Effects of Oil Spill Solutions

Oil booms, sand bags, a junk shot, a containment dome... So far, most of the containment and clean up efforts have been physical. Only surface oil has been hit with chemical dispersants. After the failure of BP's containment dome due to an ice-clogged pipe, the company may be forced to try less-researched methods. While they will first try to plug up the spewing well with shredded tires, golf balls, and other junk, using dispersants at greater depths is the runner up option.

Unfortunately, very little research has been done on the effects of using dispersants at such a depth. Thousands of gallons of dispersants have already been applied to the surface oil, and while the toxic heavy metals present in the dispersants pose a threat to the organisms living in the Gulf, the consensus is that they pose less threat than the oil itself. Dispersants work in the same matter as dish soap on grease. They break up the oil into small droplets which then dilute in the water.

At greatest risk are fish larvae from species that use the Gulf as spawning grounds. Bluefin tuna, red snapper, and spotted seatrout are three primary recreationally important species currently spawning, and the contaminated waters could be deadly. Natural light has been suggested to increase the toxicity of the oil-dispersant mixture which would be a danger to such translucent organisms as fish larvae. Others at high risk are filter feeders such as whale sharks all the way down to oysters and mussels. Ultimately, any creatures living or visiting the area are threatened. The effects on birds have only been scantily tested (and only in labs); dispersants might damage birds' abilities to regulate body temperature.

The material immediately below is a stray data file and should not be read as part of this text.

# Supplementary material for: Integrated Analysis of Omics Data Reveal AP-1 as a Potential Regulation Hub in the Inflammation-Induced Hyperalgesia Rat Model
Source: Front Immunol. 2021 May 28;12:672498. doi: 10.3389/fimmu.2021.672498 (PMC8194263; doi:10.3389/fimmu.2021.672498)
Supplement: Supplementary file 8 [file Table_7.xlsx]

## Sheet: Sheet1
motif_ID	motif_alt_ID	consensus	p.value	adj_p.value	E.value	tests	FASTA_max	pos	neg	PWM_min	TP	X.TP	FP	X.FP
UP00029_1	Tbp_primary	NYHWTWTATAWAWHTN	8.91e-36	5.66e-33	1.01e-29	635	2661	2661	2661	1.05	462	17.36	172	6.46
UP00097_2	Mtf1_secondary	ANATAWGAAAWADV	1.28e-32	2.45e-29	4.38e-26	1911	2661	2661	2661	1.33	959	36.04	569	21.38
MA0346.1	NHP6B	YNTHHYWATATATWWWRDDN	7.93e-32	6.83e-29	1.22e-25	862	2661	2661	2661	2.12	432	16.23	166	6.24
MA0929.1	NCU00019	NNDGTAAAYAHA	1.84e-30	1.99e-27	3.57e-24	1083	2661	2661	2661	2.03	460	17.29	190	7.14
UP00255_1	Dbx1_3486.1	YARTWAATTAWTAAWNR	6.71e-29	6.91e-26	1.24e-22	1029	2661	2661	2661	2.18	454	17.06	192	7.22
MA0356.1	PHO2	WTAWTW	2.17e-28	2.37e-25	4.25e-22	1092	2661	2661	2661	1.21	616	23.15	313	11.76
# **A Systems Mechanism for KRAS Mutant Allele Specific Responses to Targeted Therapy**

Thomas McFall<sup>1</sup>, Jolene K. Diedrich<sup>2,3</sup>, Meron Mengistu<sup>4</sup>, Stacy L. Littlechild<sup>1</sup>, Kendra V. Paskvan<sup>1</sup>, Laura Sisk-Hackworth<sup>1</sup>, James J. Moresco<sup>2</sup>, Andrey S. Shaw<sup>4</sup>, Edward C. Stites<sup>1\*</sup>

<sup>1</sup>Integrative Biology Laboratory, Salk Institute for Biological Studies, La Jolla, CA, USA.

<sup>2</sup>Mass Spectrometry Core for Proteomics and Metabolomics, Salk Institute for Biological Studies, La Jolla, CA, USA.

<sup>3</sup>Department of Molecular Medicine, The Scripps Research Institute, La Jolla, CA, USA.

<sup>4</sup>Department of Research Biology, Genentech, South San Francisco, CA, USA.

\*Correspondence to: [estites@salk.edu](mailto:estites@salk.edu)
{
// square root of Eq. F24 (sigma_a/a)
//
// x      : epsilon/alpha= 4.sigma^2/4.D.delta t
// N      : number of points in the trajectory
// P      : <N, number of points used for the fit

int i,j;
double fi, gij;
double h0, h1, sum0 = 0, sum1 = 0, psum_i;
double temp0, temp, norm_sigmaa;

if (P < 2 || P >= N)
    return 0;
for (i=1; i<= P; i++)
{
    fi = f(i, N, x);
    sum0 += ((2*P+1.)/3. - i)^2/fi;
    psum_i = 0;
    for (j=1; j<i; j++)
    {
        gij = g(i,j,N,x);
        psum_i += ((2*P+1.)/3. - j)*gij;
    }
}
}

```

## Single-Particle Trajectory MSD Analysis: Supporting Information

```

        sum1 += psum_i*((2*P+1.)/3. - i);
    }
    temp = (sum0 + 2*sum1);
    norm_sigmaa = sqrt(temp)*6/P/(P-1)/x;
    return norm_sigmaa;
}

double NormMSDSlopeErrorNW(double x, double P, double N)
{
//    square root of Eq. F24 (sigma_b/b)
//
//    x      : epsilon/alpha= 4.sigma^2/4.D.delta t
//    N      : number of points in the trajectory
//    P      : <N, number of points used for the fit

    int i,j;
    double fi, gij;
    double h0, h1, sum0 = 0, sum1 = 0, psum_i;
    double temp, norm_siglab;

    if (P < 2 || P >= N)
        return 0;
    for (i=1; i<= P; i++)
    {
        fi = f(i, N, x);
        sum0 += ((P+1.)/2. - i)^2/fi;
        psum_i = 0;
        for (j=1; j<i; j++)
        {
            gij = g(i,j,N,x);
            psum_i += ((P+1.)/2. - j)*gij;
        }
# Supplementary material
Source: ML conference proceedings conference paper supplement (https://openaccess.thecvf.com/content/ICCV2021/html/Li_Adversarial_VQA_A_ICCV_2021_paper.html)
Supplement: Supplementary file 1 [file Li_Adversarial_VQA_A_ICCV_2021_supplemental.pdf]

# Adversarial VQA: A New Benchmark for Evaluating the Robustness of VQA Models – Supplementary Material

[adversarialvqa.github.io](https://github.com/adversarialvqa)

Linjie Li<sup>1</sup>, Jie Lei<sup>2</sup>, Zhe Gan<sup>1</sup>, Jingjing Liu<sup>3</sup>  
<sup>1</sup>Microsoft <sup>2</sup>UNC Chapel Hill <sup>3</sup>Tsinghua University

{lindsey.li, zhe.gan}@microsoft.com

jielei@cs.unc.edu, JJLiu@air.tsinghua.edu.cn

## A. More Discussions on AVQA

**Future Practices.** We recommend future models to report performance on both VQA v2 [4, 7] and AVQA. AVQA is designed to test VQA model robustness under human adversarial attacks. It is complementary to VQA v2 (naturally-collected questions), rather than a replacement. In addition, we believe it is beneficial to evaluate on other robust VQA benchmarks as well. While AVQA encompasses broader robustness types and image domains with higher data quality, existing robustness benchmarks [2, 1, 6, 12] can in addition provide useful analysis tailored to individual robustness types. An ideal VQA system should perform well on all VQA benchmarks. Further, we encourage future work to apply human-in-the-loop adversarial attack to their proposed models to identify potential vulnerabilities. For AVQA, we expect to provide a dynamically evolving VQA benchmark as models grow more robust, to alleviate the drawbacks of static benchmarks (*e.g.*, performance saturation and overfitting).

Despite these concerns, this solution still appears by experts to be the lesser of two evils. Certainly, the chemicals in dispersants are less toxic than those in the crude oil spilling out by 5,000 barrels a day. It's going to be years before anyone sees the full effects, and "the environmental impact of so much dispersant at one site remains widely unknown," Environmental Protection Agency officials admit.